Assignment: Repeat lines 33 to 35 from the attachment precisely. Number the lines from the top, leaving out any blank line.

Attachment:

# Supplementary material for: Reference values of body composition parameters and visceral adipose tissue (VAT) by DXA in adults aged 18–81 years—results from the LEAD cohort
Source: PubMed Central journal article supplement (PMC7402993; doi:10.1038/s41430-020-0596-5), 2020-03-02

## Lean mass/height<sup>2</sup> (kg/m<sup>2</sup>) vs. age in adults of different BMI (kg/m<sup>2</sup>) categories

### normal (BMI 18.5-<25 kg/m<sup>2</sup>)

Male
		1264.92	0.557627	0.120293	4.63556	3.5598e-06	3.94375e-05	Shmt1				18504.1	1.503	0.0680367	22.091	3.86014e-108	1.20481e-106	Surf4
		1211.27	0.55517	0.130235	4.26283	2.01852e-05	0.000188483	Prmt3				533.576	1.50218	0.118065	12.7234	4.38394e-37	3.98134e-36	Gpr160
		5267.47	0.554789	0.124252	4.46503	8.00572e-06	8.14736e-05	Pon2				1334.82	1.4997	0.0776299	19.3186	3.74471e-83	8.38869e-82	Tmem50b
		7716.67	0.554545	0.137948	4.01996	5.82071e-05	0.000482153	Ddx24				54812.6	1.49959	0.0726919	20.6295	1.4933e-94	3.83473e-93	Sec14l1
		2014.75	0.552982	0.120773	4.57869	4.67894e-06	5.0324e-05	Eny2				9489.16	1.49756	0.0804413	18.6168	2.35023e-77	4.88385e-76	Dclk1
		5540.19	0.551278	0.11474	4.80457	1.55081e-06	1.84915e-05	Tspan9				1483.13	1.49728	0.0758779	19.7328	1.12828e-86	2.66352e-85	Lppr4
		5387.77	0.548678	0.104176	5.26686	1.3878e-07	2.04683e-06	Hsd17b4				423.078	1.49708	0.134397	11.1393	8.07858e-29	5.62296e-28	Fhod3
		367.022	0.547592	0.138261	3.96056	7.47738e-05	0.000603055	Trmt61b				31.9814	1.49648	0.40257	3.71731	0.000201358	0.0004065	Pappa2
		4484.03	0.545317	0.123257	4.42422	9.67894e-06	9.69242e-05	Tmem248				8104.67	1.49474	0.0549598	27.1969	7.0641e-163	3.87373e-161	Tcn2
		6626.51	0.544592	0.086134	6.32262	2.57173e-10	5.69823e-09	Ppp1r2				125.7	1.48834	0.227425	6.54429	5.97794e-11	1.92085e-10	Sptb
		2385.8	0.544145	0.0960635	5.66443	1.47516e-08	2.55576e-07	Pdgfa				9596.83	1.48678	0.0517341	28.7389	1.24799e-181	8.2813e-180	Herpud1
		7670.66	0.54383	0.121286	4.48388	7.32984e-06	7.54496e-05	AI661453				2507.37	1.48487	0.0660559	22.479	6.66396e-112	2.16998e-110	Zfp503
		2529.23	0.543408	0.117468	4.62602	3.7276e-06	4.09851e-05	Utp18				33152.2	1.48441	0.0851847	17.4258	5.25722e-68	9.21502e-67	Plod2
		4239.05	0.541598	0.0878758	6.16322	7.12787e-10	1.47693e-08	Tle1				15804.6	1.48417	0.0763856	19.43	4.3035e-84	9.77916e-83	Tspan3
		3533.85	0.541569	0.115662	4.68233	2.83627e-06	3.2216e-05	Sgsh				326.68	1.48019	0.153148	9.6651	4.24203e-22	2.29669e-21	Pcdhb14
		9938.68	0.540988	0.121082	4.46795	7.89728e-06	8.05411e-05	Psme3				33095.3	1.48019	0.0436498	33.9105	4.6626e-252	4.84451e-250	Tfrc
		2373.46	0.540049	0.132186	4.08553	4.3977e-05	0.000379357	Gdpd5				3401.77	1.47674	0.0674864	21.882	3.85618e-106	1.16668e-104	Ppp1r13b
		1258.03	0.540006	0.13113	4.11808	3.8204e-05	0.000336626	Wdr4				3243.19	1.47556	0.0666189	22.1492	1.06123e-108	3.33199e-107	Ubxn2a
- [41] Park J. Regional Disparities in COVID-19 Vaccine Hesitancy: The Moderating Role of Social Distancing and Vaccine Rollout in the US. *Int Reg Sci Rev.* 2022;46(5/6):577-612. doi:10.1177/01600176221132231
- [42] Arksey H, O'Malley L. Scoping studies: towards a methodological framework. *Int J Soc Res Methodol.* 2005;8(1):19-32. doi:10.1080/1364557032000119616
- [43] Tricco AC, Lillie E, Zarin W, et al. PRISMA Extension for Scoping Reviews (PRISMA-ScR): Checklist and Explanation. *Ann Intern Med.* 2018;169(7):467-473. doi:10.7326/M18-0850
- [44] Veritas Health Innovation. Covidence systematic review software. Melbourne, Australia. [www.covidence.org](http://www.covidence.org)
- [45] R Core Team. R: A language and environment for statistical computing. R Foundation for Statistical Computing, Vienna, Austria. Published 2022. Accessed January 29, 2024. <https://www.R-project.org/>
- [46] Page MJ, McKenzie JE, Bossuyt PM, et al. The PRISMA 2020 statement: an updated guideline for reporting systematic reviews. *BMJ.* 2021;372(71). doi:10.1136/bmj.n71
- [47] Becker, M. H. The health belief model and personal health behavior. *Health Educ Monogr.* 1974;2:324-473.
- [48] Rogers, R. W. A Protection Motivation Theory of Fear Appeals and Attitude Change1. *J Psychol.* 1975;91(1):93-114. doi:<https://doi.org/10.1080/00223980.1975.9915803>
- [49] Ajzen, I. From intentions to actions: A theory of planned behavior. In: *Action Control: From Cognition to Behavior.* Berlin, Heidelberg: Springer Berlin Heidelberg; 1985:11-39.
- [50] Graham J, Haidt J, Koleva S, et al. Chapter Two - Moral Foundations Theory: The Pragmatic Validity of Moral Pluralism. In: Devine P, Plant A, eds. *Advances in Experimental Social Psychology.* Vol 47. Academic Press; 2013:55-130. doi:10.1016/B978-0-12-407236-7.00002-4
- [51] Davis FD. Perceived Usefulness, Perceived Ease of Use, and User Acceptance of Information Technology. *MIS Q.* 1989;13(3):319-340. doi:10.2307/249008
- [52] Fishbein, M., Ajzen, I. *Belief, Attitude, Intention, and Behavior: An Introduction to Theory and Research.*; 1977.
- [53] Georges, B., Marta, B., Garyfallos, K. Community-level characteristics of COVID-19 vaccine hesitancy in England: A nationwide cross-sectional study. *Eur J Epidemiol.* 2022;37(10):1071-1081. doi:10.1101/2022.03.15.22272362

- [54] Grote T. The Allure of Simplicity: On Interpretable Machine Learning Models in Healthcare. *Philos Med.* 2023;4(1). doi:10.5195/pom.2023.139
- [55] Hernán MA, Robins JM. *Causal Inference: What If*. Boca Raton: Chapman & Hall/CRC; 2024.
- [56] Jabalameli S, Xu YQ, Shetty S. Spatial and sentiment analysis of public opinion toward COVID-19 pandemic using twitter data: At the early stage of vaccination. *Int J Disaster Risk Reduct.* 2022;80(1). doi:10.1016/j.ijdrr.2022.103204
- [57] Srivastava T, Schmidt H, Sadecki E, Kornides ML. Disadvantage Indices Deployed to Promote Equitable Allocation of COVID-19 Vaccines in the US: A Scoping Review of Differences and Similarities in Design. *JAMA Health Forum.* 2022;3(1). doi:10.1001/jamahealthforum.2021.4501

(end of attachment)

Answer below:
- [50] Graham J, Haidt J, Koleva S, et al. Chapter Two - Moral Foundations Theory: The Pragmatic Validity of Moral Pluralism. In: Devine P, Plant A, eds. *Advances in Experimental Social Psychology.* Vol 47. Academic Press; 2013:55-130. doi:10.1016/B978-0-12-407236-7.00002-4
- [51] Davis FD. Perceived Usefulness, Perceived Ease of Use, and User Acceptance of Information Technology. *MIS Q.* 1989;13(3):319-340. doi:10.2307/249008
- [52] Fishbein, M., Ajzen, I. *Belief, Attitude, Intention, and Behavior: An Introduction to Theory and Research.*; 1977.